At the age of 7, Lily and Snow Flower became laotong, or “old sames,” a Chinese practice which established their lifelong relationship as kindred sisters. They were matched based on their birth date and other characteristics. Snow Flower was from a “better” family, and the match was expected to improve Lily’s marriage prospects. Snow Flower visited Lily’s family every few months. They experienced life’s milestones together: from foot-binding to menstruation, through arranged marriages, childbirth, and child-rearing. Their friendship was deep, and endured despite many challenges and hardships. They recorded life events on a fan, given to them at the beginning of their laotong, and sent back and forth between them over the years.
Lily & Snow Flower’s story was rich with details of 19th-century Chinese culture with its very traditional — even oppressive — treatment of women. Female relationships, like laotong and the concept of “sworn sisters,” made life bearable. Women established their own community, their own rituals, and even their own language, and this became the source of their strength. I really enjoyed learning about this period in history.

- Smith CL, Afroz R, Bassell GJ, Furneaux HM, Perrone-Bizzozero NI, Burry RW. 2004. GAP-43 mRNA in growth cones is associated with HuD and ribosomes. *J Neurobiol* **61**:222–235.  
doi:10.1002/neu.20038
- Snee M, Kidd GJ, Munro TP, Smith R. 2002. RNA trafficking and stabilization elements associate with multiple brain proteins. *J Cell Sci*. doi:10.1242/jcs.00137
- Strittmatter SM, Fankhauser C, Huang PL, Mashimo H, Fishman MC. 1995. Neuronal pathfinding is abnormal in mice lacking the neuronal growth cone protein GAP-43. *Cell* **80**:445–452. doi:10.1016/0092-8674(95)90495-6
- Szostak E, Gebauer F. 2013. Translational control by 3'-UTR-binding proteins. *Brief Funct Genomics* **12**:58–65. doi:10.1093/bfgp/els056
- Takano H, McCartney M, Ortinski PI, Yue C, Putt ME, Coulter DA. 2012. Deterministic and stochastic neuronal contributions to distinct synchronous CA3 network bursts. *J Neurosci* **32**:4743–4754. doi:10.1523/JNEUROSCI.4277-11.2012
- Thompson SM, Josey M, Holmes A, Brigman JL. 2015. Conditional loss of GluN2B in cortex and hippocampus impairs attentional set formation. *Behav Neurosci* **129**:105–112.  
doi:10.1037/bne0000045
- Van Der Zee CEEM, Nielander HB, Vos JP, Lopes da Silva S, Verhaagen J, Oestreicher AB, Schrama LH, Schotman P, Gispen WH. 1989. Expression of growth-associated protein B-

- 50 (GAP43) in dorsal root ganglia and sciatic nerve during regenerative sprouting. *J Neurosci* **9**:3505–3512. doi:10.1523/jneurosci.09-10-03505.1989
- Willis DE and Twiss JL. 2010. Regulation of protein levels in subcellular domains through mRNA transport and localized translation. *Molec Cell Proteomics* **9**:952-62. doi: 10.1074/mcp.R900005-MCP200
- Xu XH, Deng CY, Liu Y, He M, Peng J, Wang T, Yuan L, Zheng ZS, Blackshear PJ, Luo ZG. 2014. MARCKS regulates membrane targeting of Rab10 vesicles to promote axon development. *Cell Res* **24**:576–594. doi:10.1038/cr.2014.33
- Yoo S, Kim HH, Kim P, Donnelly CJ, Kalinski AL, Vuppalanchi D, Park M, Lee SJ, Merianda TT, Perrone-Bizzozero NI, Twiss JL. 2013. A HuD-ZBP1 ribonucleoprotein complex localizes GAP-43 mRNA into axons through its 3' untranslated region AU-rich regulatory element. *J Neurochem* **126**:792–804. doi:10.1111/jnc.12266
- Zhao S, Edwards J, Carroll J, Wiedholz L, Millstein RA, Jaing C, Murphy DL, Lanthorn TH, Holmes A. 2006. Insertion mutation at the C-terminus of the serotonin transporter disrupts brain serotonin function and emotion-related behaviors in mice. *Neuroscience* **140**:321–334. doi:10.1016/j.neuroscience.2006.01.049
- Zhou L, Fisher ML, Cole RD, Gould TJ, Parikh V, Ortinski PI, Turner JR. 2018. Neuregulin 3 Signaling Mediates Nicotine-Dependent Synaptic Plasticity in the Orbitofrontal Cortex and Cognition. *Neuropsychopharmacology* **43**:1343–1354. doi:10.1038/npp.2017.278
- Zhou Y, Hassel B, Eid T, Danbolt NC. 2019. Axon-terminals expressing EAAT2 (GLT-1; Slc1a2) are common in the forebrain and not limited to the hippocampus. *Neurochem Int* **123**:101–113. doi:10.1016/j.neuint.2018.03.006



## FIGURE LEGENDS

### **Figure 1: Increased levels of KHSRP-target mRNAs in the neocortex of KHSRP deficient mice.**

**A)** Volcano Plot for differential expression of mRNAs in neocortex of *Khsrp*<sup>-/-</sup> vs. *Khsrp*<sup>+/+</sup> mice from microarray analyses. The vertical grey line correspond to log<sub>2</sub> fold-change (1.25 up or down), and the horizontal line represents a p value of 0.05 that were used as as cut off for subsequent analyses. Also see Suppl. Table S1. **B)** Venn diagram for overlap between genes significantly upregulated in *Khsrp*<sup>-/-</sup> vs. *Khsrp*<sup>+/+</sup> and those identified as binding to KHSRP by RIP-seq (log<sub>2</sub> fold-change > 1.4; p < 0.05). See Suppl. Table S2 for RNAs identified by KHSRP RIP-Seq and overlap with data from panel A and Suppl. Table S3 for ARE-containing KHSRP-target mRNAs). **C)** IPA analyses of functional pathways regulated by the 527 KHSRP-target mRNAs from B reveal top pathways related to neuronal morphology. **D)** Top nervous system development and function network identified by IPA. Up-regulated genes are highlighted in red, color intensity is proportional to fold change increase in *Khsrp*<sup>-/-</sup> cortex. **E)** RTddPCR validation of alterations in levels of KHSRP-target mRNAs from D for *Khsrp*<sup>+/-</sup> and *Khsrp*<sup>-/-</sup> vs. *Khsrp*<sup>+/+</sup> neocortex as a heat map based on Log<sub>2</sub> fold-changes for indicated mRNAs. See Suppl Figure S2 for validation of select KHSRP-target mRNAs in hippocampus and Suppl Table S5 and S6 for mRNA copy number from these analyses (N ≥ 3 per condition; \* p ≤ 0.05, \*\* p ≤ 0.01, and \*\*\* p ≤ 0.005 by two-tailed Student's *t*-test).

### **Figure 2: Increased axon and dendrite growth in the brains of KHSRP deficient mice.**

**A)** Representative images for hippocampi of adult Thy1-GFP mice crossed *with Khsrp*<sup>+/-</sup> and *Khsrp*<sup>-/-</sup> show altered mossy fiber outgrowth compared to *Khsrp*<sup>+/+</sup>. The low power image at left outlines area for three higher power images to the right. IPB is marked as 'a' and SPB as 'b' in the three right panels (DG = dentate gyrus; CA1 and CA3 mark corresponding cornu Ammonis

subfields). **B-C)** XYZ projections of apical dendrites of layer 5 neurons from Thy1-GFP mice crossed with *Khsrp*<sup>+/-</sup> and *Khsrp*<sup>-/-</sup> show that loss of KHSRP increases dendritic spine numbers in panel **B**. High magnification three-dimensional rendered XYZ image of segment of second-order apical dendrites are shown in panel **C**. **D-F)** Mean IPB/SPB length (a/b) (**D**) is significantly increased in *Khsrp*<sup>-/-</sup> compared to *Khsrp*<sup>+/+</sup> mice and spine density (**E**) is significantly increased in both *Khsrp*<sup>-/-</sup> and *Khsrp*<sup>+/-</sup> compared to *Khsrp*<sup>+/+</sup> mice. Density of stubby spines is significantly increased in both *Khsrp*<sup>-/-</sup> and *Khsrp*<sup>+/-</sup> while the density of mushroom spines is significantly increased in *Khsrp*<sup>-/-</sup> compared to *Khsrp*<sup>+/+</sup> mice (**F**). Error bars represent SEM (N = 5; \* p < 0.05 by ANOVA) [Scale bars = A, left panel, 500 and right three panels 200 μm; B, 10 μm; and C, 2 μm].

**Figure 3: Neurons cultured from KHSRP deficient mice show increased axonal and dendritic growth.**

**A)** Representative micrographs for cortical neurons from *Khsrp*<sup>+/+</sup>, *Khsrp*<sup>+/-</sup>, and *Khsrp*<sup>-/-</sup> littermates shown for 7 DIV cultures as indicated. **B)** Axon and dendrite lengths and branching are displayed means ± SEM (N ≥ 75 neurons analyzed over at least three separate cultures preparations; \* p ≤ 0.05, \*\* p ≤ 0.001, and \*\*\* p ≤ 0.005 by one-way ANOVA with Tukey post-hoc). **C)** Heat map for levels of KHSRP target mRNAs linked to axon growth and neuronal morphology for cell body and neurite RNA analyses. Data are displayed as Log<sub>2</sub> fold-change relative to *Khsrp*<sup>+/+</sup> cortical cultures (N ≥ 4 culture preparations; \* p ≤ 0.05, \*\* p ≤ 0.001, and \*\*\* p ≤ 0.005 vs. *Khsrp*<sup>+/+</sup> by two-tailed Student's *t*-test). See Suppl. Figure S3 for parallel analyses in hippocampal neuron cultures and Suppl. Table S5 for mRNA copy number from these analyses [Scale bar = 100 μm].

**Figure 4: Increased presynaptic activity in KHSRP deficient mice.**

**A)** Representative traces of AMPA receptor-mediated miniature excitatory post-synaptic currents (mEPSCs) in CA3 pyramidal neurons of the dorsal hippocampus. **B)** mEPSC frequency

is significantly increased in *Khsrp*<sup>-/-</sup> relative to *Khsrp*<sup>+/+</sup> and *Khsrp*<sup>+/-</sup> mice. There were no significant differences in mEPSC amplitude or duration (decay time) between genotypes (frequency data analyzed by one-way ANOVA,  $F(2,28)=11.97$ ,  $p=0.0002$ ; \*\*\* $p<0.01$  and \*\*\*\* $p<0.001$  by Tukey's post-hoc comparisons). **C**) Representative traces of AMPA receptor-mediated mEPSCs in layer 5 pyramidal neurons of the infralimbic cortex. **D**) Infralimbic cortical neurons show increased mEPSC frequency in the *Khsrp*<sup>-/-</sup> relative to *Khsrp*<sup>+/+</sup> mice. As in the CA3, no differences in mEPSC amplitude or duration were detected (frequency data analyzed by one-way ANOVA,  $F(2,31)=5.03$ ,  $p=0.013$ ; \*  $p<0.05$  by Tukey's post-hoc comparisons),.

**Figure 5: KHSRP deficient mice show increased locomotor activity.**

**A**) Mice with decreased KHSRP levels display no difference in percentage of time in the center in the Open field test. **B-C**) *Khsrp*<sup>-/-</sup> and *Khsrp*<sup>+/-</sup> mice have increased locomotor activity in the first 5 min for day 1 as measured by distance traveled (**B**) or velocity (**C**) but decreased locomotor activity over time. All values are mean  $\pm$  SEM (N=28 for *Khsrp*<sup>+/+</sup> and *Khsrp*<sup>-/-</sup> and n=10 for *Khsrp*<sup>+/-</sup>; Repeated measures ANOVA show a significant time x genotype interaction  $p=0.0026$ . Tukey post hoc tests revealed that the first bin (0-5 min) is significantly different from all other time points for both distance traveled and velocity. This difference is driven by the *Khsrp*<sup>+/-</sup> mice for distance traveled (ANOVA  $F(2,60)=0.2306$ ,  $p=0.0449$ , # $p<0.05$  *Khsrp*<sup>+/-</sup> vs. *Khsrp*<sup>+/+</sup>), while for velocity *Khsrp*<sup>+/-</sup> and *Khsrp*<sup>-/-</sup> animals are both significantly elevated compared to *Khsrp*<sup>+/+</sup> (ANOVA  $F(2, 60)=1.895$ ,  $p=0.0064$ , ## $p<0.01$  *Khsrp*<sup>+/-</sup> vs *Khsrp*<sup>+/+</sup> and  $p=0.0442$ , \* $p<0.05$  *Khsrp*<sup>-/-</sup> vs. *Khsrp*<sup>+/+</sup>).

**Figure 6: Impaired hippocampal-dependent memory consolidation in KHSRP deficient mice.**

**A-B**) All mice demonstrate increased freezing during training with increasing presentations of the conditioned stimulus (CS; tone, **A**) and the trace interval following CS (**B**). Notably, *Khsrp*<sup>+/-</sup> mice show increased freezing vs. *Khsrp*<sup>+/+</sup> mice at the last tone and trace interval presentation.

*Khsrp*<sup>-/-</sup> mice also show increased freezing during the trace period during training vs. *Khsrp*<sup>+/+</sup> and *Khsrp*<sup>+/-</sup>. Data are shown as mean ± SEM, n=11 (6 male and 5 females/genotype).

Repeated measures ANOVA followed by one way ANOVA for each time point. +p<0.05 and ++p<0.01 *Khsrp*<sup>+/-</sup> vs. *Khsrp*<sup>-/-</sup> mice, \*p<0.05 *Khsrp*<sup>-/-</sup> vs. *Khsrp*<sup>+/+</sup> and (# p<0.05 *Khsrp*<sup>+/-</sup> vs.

In Snow Flower and the Secret Fan, Lily tells their story from the vantage point of old age, with all the significant characters now dead. As a narrative technique, this worked well: it allowed her to speak freely about relationships with her parents, her in-laws, her husband, and of course, Snow Flower. But she was also too kind to herself, and early in her life, I often wondered how Lily was viewed by those around her. Some of this is revealed in later chapters as the central conflict is presented. As readers we see Lily’s mistakes, we see how she fails to own up to them, and we see the impact on her laotong. But we also see how truth is revealed to her, and we experience the healing power of forgiveness. This is a lovely book about essential women’s friendships, and the characters will live on in my thoughts for a long time.